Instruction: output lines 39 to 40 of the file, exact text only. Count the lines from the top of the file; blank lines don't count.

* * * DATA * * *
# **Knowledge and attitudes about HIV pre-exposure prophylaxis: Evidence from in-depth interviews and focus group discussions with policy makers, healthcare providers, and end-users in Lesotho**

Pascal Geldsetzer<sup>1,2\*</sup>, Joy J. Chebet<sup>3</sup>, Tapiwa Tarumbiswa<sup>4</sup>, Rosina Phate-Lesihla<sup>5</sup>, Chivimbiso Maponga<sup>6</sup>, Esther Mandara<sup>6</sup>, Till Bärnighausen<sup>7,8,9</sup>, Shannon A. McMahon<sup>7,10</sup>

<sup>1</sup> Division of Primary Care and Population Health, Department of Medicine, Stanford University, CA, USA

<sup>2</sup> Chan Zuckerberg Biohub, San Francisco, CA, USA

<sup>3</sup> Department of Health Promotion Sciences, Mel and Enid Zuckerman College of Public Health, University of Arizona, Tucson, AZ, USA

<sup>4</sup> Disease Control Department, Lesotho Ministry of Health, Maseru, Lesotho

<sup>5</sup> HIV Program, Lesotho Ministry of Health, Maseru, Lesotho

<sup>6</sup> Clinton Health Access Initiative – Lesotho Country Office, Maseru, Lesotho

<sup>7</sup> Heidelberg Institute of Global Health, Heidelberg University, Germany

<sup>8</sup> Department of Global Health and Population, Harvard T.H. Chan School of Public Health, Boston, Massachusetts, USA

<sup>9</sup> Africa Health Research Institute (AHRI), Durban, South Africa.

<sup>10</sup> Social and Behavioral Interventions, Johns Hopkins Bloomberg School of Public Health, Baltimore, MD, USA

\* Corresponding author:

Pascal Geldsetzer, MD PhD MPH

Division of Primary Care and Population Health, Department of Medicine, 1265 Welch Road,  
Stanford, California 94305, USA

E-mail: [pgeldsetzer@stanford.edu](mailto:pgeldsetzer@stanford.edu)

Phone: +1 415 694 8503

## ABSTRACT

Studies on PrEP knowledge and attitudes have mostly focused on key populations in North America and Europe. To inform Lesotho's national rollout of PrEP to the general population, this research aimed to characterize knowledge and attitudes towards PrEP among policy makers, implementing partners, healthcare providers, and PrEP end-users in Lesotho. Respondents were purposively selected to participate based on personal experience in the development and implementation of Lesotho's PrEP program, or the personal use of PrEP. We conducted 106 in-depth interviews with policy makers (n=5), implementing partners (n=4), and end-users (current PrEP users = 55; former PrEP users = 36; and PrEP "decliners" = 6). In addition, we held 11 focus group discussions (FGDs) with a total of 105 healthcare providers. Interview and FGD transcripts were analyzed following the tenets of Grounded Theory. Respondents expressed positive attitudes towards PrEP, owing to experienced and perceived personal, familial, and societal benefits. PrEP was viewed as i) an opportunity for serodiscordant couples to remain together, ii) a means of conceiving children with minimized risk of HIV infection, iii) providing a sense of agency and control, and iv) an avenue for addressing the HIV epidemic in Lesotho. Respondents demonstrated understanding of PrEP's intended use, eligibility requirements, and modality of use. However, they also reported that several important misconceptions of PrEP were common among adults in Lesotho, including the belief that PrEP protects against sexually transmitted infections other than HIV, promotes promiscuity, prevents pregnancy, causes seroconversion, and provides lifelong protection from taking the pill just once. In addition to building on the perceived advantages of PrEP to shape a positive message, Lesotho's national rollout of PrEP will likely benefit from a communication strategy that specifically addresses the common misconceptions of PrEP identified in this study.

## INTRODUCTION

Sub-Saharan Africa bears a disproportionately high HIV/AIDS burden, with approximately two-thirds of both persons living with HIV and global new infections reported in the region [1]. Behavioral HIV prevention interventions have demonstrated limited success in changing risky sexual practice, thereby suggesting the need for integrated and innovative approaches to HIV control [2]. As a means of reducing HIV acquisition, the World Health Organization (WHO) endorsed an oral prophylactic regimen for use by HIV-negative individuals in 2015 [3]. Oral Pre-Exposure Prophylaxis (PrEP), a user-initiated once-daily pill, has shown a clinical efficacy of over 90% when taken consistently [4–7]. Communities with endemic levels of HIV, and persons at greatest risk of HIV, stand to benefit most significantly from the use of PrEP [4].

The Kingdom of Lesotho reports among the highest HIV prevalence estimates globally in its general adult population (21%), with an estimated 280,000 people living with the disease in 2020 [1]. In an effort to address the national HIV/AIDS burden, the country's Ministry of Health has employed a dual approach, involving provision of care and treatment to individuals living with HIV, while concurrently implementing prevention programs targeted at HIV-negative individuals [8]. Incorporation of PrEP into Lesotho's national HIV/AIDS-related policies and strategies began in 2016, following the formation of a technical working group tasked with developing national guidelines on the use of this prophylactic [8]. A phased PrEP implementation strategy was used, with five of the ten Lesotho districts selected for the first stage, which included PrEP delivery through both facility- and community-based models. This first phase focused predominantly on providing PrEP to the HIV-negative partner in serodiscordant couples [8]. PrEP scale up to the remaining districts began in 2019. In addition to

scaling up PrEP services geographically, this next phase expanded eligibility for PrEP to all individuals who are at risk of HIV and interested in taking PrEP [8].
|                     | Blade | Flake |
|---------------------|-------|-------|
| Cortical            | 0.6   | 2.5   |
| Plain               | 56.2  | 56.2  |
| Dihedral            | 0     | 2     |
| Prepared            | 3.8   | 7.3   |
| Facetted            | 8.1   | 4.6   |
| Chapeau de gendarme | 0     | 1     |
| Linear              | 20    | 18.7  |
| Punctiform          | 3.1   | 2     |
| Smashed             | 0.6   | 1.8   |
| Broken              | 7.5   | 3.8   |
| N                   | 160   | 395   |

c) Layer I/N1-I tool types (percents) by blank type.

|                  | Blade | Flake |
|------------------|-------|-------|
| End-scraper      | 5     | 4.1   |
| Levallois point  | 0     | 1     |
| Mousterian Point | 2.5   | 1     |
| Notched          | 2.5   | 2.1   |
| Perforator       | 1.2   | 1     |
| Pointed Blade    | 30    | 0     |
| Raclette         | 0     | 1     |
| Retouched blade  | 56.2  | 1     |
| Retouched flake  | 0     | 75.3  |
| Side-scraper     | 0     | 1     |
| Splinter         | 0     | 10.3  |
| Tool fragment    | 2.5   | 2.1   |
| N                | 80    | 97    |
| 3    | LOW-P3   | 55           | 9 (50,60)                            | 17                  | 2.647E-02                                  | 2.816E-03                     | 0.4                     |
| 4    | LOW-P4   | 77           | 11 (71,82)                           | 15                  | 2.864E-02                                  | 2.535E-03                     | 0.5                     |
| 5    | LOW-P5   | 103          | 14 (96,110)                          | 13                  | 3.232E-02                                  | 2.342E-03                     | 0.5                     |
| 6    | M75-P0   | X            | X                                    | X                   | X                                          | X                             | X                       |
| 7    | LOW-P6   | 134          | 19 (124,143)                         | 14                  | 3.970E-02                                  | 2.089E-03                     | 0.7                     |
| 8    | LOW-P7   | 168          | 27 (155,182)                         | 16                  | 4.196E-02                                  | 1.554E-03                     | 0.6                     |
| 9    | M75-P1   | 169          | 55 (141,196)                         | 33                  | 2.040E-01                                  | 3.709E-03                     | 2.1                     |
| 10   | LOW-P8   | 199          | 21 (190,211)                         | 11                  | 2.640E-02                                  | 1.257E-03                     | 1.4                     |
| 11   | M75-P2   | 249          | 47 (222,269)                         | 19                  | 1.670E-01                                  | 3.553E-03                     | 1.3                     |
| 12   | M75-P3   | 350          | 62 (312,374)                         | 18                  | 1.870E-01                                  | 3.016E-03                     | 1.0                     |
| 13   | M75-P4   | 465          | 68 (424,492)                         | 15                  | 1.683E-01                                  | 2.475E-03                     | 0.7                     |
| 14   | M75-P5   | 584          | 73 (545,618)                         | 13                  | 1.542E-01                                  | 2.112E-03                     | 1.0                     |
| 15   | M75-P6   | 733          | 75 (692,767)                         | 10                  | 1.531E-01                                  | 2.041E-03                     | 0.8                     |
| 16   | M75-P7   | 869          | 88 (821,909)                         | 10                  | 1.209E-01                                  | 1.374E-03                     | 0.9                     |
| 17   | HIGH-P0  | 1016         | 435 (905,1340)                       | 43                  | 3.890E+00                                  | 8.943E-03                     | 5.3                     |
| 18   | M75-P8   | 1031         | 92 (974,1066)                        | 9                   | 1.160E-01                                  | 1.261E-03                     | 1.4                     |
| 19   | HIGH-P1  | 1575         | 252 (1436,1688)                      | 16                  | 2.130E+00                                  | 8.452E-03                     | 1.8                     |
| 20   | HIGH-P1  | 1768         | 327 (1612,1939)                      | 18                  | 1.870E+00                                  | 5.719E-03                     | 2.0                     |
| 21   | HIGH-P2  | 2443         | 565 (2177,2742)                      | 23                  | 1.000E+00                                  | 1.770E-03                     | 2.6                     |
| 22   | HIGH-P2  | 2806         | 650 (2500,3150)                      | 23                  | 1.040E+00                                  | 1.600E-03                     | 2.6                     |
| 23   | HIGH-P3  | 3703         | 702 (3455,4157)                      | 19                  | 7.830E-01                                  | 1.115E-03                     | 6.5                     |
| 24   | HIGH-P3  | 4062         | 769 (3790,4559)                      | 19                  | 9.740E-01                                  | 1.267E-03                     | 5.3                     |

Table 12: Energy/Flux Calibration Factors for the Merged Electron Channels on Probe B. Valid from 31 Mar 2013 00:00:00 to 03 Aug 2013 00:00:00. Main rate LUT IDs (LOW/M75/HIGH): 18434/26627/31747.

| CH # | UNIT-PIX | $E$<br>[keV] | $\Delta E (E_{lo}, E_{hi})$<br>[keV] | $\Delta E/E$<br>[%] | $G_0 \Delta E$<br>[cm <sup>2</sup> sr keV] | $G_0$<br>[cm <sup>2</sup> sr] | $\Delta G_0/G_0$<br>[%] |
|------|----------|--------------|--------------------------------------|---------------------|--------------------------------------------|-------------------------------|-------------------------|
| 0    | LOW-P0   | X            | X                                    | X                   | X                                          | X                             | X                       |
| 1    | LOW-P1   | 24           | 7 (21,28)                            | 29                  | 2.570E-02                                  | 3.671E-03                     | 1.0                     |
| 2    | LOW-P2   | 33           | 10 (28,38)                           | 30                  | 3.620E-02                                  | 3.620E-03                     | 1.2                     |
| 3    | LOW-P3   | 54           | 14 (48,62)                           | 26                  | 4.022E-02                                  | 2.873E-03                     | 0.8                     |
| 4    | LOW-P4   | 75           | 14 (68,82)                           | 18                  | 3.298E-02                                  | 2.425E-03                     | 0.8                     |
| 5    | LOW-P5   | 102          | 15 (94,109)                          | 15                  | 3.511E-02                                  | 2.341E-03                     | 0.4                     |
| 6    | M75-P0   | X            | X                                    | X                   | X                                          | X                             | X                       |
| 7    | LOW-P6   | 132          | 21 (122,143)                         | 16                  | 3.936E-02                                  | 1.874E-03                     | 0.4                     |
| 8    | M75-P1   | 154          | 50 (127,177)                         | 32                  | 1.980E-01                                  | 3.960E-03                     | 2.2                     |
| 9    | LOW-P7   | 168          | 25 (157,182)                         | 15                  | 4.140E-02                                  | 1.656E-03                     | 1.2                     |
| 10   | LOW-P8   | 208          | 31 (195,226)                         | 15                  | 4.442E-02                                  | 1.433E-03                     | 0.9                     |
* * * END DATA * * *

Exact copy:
|                  | Blade | Flake |
|------------------|-------|-------|